Sometimes I wonder how I ever lived without cable TV. Or live streaming TV, for that matter.
Since their inception, I’ve become hooked on numerous channels, but have paid close attention to two — Smithsonian and History — this week.
I guess it’s because we’re on the eve of 9/11.
Who can forget that horrific day 20 years ago when terrorists aboard four hijacked planes changed the culture of America? Three successfully completed their mission and a group of heroic men stopped the fourth from destroying the US Capitol.
Many people reminisce about what they were doing that day.
I, myself, was at work.
We were nearing deadline when an AP Newsbreak said that a plane had crashed into one of the twin towers in central New York. A co-worker who was born and raised in the Big Apple, immediately ran down the hallway and out onto the back dock.
He feverishly attempted to call his friends.
The lines were dead.
Some of us gathered around the TV in the newsroom and minutes later witnessed the second plane crash into the other tower.
Hello, George Orwell.
A Democratic socialist, he penned the novel “1984” after Stalinist Russia and Nazi Germany. Mass surveillance that lasted more than a decade led to a perpetual war and the eventual death of Osama Bin Laden.
Could this have been a live version of his science fiction work?
Countless lives were lost that fateful morning.
The message was clear.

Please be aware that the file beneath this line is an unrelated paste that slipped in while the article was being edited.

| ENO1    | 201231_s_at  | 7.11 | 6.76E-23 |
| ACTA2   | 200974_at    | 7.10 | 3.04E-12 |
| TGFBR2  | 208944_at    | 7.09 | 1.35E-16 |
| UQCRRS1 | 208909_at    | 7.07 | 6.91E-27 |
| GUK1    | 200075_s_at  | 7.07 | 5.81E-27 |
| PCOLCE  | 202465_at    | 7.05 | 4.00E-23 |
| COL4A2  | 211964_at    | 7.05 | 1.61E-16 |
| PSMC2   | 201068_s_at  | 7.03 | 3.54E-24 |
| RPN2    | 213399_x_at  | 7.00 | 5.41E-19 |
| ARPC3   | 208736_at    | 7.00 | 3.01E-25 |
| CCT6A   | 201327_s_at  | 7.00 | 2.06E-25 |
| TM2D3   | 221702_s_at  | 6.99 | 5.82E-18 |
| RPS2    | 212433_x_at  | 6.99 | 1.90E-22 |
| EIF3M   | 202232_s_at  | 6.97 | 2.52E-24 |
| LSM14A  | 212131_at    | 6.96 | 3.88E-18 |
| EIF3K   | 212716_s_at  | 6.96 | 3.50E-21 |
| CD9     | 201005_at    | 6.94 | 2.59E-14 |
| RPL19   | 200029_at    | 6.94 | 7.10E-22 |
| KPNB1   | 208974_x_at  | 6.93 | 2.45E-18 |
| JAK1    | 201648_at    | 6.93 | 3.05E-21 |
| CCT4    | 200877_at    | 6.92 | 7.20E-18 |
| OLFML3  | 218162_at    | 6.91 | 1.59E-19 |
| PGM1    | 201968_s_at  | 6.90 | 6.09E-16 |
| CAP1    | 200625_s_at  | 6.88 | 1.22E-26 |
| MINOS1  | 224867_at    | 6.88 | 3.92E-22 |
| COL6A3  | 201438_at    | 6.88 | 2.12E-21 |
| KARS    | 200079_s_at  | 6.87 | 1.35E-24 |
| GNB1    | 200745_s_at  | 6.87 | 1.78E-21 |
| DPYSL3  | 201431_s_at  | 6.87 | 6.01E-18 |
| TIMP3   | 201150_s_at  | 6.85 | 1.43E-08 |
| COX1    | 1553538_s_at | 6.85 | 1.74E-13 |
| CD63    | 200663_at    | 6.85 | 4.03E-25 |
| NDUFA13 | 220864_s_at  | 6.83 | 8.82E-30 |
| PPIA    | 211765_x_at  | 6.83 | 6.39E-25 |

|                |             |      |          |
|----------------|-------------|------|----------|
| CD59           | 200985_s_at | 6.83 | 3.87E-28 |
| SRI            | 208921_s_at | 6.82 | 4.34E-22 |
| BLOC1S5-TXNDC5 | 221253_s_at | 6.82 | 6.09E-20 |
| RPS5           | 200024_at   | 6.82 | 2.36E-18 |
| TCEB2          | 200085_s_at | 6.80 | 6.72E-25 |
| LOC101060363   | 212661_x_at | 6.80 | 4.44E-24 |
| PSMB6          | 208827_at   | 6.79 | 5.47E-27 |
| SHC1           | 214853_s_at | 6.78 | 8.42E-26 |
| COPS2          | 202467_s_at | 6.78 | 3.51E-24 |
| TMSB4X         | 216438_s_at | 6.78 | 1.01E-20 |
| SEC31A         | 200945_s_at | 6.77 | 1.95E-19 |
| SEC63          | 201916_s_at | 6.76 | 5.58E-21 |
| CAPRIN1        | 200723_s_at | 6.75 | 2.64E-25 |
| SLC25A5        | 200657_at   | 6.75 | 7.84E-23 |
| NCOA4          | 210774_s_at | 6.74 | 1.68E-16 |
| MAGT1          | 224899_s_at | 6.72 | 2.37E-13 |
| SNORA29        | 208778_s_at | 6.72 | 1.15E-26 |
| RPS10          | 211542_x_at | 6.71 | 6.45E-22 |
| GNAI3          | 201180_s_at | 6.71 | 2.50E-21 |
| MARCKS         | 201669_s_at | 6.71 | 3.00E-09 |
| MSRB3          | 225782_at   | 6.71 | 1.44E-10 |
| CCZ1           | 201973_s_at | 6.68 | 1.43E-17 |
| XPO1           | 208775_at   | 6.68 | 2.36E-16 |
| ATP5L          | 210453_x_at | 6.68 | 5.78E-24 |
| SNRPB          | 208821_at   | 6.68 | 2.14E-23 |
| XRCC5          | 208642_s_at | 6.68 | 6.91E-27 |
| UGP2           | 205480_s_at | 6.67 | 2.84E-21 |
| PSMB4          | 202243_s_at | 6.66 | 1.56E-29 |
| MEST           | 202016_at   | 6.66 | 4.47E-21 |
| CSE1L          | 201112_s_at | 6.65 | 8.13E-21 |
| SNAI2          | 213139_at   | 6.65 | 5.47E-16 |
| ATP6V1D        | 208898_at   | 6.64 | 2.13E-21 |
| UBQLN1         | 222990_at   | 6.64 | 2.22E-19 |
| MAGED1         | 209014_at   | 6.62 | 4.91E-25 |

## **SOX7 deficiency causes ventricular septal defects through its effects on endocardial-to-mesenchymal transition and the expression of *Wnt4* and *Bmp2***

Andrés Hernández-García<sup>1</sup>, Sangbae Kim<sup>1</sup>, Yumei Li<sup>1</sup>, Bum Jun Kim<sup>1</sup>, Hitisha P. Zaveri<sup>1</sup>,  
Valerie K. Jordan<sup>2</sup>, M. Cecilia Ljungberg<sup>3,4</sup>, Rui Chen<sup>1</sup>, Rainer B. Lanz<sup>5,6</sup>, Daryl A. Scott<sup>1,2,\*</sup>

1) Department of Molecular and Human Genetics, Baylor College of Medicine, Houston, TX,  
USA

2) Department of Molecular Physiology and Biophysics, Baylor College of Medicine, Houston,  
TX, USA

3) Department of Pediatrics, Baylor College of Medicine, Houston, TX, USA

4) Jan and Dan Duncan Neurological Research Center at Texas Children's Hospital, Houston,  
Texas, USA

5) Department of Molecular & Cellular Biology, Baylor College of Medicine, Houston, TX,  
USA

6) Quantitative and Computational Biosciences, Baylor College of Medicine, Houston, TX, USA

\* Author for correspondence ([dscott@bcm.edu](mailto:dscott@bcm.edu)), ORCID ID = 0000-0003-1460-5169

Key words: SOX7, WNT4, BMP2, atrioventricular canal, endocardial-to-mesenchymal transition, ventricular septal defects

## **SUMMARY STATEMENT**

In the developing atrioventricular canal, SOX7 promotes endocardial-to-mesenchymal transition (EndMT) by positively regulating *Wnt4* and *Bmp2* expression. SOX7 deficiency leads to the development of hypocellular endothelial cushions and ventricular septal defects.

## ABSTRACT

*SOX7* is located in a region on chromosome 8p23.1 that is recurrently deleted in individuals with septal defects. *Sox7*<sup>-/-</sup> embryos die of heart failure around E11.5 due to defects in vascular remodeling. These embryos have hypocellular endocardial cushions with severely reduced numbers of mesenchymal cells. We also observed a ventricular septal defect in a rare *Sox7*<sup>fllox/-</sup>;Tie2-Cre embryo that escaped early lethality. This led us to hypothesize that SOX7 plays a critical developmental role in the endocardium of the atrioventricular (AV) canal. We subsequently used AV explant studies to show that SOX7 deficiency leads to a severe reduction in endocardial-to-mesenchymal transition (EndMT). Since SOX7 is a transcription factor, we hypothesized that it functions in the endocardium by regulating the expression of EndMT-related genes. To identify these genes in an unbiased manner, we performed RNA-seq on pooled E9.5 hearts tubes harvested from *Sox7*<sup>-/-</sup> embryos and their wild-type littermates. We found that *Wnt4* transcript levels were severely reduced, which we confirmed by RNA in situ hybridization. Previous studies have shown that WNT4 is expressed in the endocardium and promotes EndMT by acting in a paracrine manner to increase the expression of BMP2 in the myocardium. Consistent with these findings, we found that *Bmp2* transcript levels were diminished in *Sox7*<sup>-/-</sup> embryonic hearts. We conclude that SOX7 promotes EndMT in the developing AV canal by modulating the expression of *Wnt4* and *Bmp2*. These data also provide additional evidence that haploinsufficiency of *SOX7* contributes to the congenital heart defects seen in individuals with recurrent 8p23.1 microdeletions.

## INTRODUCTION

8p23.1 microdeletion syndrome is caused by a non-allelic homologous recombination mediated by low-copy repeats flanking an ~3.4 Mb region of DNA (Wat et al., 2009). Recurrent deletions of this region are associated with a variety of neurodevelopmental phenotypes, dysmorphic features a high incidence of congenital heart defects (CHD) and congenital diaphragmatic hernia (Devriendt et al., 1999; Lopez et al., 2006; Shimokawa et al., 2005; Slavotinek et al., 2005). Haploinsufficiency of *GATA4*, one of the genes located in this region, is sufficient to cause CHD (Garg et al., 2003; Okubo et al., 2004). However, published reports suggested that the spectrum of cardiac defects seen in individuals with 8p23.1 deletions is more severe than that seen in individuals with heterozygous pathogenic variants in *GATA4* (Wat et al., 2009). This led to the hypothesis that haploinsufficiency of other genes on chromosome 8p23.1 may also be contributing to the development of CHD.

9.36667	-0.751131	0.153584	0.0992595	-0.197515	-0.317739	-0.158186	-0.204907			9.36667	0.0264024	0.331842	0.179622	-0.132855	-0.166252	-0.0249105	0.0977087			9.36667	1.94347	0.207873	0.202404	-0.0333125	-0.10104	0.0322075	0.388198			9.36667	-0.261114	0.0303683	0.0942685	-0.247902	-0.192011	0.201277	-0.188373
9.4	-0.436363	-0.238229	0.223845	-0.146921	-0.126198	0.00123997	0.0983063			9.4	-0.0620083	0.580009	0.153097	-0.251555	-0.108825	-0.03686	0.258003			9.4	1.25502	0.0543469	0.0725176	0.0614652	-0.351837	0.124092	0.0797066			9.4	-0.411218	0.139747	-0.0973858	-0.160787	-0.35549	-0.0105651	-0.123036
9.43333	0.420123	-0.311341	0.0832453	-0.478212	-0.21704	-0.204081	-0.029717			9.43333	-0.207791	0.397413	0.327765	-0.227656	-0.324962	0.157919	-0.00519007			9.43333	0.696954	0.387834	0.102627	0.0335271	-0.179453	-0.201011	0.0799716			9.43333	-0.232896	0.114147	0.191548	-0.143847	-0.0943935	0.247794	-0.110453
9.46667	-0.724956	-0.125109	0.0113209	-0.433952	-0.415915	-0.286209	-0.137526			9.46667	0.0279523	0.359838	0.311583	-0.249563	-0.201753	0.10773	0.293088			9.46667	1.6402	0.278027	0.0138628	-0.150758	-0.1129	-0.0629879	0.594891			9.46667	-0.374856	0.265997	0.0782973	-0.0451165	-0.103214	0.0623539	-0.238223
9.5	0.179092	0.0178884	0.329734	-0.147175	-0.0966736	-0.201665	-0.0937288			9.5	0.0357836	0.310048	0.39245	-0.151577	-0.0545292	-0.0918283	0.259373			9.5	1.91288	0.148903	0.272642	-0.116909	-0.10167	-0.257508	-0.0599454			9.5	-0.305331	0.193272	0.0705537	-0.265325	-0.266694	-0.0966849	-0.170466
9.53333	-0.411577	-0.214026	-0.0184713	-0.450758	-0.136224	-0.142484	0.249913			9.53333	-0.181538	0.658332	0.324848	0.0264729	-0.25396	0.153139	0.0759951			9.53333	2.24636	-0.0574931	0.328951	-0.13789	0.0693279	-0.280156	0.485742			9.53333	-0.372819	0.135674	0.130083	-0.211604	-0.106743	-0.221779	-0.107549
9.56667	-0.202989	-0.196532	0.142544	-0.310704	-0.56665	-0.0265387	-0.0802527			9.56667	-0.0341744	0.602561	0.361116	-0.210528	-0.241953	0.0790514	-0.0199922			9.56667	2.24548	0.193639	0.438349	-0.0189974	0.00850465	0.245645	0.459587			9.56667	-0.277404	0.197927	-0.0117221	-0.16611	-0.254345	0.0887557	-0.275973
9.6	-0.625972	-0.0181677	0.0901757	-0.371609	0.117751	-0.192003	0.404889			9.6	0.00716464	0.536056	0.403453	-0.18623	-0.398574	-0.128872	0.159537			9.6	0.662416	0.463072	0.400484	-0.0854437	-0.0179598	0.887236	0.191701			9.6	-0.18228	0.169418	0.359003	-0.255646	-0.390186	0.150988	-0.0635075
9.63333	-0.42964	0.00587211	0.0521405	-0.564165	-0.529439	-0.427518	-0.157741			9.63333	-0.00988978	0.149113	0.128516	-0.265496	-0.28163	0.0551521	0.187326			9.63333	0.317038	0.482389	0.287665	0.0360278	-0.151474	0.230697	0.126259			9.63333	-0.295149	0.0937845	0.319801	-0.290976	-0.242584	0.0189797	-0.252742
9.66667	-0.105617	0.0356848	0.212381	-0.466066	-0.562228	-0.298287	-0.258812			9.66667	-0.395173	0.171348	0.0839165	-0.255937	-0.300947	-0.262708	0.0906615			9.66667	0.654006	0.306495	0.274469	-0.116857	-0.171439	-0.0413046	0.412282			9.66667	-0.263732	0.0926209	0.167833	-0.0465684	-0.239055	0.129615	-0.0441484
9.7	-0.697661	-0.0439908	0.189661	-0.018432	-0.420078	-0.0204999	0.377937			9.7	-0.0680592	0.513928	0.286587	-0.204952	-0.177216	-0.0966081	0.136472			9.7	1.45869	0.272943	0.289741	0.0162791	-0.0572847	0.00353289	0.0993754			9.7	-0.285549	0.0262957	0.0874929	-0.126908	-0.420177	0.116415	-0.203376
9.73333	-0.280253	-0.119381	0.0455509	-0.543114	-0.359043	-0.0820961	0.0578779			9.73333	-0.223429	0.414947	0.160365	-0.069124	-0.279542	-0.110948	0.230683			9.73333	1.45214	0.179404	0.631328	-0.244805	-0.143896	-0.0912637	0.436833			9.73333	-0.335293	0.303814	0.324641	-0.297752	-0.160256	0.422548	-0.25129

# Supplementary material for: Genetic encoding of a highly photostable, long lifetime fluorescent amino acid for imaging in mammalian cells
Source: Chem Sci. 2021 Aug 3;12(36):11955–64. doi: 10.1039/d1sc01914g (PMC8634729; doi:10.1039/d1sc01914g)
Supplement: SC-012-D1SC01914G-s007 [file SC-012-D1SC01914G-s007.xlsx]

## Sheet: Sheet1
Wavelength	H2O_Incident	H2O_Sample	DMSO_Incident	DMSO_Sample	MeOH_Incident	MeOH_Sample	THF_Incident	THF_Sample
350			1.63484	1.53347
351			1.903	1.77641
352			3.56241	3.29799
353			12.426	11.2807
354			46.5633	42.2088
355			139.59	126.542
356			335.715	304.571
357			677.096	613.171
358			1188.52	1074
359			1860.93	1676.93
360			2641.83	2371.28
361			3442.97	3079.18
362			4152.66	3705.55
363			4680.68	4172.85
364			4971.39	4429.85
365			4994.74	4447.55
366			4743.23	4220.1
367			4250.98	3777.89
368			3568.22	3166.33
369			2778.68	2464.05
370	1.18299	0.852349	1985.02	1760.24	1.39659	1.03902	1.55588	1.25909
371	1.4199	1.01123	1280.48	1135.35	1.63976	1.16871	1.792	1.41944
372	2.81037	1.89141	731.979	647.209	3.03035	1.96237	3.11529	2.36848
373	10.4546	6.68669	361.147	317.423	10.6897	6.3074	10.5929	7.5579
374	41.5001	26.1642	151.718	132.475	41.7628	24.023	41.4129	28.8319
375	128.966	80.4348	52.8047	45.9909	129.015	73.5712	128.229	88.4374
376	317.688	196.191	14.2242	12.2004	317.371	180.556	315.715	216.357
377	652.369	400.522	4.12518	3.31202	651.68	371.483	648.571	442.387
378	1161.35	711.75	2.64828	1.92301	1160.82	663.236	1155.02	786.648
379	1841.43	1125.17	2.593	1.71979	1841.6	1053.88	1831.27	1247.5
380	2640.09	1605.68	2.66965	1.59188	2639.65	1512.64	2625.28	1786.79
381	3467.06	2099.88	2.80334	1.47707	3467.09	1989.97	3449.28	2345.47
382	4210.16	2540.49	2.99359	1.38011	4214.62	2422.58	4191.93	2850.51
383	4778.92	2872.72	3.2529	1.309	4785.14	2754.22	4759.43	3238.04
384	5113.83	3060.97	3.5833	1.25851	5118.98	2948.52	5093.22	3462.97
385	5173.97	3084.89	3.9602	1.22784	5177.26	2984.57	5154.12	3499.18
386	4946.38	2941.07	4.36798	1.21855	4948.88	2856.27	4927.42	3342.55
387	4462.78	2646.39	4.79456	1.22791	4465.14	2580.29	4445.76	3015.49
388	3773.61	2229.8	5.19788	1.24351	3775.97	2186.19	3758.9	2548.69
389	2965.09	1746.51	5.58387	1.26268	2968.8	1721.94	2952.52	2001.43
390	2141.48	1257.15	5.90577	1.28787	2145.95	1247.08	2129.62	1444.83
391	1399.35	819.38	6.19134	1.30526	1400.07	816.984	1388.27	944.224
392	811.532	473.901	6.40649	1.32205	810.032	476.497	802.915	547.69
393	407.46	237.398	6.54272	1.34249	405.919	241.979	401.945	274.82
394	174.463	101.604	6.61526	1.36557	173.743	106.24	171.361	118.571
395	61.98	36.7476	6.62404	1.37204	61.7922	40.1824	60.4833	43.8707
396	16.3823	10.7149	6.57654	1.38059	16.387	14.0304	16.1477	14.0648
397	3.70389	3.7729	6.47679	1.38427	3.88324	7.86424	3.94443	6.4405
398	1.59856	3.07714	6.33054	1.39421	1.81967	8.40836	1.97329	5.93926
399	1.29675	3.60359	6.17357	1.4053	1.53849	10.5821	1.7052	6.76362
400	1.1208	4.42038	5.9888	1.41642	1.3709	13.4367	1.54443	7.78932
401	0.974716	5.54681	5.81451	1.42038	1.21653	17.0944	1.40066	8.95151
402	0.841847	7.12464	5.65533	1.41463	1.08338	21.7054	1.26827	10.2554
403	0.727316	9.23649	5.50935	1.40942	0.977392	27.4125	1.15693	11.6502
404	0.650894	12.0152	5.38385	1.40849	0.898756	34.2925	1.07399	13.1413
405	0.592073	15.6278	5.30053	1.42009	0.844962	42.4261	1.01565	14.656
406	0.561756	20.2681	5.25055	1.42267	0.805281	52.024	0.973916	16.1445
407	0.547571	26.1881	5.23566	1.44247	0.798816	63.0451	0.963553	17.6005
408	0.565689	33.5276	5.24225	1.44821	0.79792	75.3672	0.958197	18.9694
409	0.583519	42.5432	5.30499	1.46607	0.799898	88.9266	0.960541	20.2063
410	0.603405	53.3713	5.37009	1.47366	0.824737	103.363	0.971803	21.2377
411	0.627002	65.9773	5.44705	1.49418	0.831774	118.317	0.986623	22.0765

But we, as a nation, answered with resiliency.
Brave men from the New York Fire Department and New York Police Department worked feverishly to save lives in both towers.
Only when the metal softened under the intense heat from the planes’ flames, did the towers collapse and trap those first responders — along with those they attempted to rescue — in a pile of twisted metal and rubble.
Ground Zero resembled a scene from a horror movie.
Only this was real life.
Watching the documentaries on the Smithsonian and History channels still brings tears to my eyes. To hear the stories from loved ones who lost family members is heart breaking and tragic.
A cowardly act changed how we think and live as Americans.
It taught us to move more cautiously and become wary of those who walk around us. It also created a stronger love for mankind as we supported those who endured losses in New York, our nation’s capital and Pennsylvania.
9/11 is a date that lives in infamy.
May we never forget that life is precious.
Tomorrow is never promised.
Rudy Coggins is assistant editor of the Mount Olive Tribune. You can reach him at firstname.lastname@example.org.